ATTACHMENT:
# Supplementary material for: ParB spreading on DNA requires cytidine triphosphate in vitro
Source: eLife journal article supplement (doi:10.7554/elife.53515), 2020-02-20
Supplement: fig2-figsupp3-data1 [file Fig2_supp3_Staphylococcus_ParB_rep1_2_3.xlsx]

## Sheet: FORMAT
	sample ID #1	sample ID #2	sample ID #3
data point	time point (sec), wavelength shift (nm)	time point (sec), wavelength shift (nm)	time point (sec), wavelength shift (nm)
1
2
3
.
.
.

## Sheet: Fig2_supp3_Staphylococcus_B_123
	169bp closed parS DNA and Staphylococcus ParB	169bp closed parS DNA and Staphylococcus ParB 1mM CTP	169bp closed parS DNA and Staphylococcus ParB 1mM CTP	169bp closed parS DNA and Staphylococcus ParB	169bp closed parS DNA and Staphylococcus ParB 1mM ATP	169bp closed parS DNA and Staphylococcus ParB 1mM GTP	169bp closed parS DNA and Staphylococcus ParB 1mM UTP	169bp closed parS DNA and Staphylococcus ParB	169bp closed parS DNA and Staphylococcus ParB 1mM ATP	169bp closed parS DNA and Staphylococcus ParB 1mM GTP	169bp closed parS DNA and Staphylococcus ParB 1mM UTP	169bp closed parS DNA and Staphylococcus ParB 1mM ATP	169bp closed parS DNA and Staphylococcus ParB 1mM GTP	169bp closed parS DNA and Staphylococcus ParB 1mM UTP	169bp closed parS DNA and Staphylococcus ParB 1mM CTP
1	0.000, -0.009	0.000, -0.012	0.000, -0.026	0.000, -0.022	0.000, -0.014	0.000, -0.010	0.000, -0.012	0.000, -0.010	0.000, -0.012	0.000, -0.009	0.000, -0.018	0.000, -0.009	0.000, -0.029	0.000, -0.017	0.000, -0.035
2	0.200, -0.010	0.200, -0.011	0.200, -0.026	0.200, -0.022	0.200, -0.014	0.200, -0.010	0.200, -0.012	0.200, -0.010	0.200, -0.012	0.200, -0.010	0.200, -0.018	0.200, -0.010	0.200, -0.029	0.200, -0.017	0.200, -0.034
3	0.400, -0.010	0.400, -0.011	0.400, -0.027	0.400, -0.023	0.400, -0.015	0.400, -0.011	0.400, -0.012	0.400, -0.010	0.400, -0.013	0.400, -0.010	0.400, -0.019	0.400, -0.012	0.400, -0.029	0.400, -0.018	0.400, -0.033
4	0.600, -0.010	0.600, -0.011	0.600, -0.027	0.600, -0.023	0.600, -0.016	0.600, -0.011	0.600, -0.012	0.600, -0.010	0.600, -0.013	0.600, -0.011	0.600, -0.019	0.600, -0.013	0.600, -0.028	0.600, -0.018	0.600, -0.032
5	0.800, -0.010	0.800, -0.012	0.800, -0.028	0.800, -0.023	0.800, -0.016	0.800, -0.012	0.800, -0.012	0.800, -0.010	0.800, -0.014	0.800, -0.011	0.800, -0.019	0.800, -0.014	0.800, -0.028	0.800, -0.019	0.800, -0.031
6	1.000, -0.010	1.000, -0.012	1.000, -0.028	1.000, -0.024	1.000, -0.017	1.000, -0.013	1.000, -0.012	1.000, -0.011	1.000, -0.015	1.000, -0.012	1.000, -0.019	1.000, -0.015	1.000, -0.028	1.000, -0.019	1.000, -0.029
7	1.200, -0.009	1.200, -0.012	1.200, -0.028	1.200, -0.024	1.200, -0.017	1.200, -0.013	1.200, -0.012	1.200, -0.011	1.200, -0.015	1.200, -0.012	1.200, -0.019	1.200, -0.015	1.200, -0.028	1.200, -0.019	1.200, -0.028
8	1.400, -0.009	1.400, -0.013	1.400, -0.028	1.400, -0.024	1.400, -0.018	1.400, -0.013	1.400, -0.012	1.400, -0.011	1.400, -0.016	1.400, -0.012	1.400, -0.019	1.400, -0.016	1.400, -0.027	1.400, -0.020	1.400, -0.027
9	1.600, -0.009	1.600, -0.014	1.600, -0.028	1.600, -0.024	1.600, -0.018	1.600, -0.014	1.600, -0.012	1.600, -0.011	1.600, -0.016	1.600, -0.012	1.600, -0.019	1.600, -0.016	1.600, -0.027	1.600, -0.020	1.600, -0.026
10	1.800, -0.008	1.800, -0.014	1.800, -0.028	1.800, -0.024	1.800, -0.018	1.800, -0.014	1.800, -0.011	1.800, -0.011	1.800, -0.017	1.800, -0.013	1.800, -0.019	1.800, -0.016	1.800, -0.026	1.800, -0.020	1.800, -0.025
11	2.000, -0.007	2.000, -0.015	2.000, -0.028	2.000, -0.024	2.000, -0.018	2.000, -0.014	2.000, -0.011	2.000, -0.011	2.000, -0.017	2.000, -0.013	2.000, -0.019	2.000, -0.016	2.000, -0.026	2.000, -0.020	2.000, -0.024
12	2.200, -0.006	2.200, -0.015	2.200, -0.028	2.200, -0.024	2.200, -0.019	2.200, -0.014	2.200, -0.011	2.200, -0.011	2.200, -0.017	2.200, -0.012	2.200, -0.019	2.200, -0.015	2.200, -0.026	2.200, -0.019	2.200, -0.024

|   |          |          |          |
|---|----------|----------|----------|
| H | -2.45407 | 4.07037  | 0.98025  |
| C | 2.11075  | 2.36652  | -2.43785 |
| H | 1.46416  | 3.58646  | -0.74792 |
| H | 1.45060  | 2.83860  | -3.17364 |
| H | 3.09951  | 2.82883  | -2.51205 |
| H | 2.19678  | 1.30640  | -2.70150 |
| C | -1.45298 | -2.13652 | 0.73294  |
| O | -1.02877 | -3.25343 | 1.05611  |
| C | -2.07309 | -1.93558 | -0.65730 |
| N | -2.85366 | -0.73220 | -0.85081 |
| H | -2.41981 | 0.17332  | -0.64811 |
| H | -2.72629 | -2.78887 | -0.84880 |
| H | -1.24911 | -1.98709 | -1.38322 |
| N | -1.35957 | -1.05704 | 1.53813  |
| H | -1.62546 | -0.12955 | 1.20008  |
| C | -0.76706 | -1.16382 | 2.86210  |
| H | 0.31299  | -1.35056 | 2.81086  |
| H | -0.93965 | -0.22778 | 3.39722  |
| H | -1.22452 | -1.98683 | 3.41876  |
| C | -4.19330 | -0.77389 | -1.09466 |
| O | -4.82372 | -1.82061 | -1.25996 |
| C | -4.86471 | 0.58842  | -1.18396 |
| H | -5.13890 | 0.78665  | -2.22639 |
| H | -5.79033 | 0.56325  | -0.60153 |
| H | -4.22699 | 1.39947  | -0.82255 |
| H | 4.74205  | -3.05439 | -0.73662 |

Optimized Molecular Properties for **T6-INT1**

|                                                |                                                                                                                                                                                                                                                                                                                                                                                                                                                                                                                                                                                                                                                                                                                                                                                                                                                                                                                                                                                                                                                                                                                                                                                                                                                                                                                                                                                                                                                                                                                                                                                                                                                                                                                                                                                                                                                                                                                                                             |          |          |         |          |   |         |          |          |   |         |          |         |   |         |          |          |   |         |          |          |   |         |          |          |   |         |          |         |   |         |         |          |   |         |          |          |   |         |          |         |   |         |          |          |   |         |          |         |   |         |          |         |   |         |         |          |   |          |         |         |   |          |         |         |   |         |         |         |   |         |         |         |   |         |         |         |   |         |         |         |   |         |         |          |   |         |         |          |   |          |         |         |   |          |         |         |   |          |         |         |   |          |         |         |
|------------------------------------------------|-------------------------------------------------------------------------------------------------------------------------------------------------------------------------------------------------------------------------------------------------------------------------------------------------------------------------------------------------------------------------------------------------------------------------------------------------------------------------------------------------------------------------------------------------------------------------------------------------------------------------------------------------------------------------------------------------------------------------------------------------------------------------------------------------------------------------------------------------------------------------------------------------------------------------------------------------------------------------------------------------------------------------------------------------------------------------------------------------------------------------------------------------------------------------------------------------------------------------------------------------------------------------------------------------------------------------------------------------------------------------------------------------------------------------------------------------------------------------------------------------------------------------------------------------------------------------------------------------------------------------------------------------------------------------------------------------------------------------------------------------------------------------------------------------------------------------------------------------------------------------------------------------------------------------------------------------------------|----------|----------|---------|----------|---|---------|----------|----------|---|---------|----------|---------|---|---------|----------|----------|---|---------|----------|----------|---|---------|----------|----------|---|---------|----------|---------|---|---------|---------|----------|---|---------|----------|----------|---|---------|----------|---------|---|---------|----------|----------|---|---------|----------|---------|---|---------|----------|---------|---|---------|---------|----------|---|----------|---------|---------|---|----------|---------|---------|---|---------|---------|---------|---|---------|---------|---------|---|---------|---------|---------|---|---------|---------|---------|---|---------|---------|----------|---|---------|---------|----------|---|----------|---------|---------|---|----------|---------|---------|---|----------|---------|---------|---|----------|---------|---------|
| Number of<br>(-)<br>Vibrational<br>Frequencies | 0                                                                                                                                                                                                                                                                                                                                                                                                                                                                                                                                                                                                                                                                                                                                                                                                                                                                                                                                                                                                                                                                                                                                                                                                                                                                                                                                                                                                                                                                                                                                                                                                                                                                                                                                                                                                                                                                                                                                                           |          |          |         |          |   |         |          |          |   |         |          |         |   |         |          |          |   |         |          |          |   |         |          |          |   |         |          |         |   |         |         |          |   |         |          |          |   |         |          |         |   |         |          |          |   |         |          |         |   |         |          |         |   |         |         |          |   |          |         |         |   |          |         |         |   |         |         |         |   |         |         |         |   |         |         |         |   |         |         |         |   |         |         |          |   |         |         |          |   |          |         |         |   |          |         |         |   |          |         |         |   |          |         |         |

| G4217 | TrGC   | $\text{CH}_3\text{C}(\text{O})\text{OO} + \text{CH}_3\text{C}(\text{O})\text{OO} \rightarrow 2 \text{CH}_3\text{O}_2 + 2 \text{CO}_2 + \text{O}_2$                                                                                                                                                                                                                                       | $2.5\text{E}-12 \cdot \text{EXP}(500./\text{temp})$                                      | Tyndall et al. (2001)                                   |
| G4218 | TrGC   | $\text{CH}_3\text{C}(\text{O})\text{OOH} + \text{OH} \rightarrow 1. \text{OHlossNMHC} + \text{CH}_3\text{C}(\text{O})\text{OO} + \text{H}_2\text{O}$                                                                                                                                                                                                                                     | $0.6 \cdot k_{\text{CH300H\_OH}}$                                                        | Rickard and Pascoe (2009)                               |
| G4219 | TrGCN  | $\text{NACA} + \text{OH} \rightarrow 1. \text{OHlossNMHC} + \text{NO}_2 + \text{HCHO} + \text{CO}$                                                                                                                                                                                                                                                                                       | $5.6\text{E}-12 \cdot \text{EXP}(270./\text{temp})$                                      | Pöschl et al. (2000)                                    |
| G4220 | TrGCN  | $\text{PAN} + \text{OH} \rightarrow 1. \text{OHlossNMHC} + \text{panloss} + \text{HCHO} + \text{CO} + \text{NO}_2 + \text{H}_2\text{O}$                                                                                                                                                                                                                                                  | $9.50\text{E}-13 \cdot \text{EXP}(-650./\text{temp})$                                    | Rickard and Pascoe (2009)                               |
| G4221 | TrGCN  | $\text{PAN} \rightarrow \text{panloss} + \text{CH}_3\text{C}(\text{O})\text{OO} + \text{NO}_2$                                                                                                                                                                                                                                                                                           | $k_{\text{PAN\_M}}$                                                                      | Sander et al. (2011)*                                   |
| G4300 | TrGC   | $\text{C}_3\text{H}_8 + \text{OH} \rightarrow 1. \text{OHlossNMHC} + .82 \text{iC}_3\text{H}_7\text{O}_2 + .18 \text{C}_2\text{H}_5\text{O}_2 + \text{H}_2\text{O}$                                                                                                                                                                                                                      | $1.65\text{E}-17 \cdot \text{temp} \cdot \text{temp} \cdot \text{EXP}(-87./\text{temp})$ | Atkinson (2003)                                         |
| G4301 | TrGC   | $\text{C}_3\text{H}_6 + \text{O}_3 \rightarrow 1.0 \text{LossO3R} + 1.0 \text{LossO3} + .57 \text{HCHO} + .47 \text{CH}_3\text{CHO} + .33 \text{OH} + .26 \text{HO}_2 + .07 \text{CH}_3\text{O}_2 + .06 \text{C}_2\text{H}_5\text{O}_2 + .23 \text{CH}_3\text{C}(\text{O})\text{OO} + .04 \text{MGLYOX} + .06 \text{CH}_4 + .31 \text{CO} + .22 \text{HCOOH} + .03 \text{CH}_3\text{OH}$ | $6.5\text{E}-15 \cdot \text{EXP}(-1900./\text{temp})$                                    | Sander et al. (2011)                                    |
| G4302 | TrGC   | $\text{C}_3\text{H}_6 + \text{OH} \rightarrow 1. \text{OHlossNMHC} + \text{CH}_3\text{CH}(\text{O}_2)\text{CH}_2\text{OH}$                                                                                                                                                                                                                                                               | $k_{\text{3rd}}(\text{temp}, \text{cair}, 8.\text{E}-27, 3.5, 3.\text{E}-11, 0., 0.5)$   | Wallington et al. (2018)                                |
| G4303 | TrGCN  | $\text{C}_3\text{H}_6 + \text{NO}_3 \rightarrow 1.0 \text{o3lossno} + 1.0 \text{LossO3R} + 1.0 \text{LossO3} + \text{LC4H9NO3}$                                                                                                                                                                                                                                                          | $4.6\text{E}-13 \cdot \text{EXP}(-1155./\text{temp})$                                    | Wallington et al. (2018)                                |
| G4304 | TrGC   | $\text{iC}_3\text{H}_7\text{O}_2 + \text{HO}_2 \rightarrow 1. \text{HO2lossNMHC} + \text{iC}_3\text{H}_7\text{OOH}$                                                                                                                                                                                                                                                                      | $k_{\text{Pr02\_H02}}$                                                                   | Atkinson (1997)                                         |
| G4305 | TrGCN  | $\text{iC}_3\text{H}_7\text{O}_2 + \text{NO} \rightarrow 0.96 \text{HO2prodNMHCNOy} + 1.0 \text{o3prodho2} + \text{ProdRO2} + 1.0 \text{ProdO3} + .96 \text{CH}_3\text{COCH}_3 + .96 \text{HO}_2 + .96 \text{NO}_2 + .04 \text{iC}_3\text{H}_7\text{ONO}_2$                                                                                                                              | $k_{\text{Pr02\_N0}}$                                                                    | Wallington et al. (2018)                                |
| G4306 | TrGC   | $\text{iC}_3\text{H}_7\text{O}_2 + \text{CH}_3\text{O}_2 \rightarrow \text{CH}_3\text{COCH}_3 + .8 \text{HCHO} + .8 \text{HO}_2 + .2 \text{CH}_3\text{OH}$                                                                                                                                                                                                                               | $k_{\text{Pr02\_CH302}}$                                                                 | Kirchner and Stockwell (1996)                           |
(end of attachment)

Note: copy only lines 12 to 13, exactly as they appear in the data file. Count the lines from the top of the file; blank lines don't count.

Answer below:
.

## Sheet: Fig2_supp3_Staphylococcus_B_123